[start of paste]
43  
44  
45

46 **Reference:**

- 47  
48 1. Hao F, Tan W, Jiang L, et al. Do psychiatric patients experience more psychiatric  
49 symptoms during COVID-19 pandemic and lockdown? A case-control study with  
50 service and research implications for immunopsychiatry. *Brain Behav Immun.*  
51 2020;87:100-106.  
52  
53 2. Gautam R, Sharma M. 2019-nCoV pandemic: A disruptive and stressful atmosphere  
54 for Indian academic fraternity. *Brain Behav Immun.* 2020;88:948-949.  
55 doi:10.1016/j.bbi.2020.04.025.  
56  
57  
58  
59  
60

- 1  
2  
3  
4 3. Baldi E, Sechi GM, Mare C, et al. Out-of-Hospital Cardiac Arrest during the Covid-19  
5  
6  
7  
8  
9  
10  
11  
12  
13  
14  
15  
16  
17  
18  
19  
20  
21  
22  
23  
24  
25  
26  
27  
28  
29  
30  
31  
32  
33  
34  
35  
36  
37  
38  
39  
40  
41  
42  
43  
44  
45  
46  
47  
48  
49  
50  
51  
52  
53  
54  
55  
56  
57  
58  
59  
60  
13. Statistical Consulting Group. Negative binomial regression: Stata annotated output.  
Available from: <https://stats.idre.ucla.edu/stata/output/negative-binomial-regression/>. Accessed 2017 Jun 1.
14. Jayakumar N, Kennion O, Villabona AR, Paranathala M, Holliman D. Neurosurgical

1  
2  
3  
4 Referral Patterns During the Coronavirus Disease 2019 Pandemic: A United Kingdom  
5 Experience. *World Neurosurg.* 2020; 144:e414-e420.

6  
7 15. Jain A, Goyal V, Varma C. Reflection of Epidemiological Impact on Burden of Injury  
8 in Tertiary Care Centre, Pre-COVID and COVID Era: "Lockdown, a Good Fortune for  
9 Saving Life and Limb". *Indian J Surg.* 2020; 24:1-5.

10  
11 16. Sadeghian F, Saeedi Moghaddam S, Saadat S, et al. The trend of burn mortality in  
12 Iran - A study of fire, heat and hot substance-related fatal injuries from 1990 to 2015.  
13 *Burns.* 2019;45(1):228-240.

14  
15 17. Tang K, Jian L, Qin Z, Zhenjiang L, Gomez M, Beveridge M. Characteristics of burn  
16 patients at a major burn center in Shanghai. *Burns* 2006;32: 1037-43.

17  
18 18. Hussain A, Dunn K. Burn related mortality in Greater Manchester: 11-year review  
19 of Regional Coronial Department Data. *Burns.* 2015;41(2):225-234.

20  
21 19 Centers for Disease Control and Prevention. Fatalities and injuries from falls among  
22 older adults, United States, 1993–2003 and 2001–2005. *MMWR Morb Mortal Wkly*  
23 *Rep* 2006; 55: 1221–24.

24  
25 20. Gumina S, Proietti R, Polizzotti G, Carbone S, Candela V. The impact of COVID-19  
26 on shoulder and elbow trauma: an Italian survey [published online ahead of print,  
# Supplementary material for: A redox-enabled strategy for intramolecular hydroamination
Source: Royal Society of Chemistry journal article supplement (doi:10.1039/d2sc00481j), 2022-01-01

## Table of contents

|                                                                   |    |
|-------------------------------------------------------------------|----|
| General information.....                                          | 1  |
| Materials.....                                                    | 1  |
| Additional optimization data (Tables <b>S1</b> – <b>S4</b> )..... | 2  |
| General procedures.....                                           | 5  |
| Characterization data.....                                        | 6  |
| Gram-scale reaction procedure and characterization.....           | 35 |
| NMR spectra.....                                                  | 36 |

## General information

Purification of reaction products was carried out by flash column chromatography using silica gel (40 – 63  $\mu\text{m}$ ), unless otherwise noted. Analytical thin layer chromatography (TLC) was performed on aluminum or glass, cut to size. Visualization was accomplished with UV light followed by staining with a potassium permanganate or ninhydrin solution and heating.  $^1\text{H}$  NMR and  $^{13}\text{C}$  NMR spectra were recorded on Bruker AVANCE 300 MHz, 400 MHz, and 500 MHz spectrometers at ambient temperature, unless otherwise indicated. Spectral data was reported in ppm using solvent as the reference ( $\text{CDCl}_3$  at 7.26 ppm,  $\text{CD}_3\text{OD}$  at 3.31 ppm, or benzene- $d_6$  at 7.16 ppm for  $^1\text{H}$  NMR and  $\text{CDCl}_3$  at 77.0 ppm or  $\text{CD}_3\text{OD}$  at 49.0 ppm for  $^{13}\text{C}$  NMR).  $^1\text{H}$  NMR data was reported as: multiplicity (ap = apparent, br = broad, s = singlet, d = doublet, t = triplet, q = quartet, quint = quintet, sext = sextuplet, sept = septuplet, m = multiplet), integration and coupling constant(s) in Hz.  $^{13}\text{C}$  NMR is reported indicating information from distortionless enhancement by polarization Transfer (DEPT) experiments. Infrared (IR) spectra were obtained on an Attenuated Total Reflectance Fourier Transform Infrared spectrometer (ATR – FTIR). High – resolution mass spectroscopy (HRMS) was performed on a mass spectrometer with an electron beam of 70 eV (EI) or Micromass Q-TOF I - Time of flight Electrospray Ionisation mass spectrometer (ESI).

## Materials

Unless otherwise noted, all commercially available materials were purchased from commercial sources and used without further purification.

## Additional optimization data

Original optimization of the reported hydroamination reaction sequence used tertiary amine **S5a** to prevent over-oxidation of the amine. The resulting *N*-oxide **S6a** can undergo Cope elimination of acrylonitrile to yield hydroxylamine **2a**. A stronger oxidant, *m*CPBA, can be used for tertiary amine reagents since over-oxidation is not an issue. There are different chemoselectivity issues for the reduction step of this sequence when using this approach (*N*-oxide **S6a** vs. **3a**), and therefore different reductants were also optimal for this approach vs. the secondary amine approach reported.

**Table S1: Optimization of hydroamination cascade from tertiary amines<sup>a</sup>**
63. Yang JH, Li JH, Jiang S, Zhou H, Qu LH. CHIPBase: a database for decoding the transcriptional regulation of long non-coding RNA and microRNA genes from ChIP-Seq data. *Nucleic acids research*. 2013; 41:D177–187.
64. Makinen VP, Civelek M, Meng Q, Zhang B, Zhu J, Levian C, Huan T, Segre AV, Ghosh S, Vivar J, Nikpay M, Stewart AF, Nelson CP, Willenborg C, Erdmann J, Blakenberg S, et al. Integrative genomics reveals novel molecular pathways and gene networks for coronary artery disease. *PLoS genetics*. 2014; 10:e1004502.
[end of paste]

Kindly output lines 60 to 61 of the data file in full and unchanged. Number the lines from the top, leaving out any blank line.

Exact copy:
42  
43  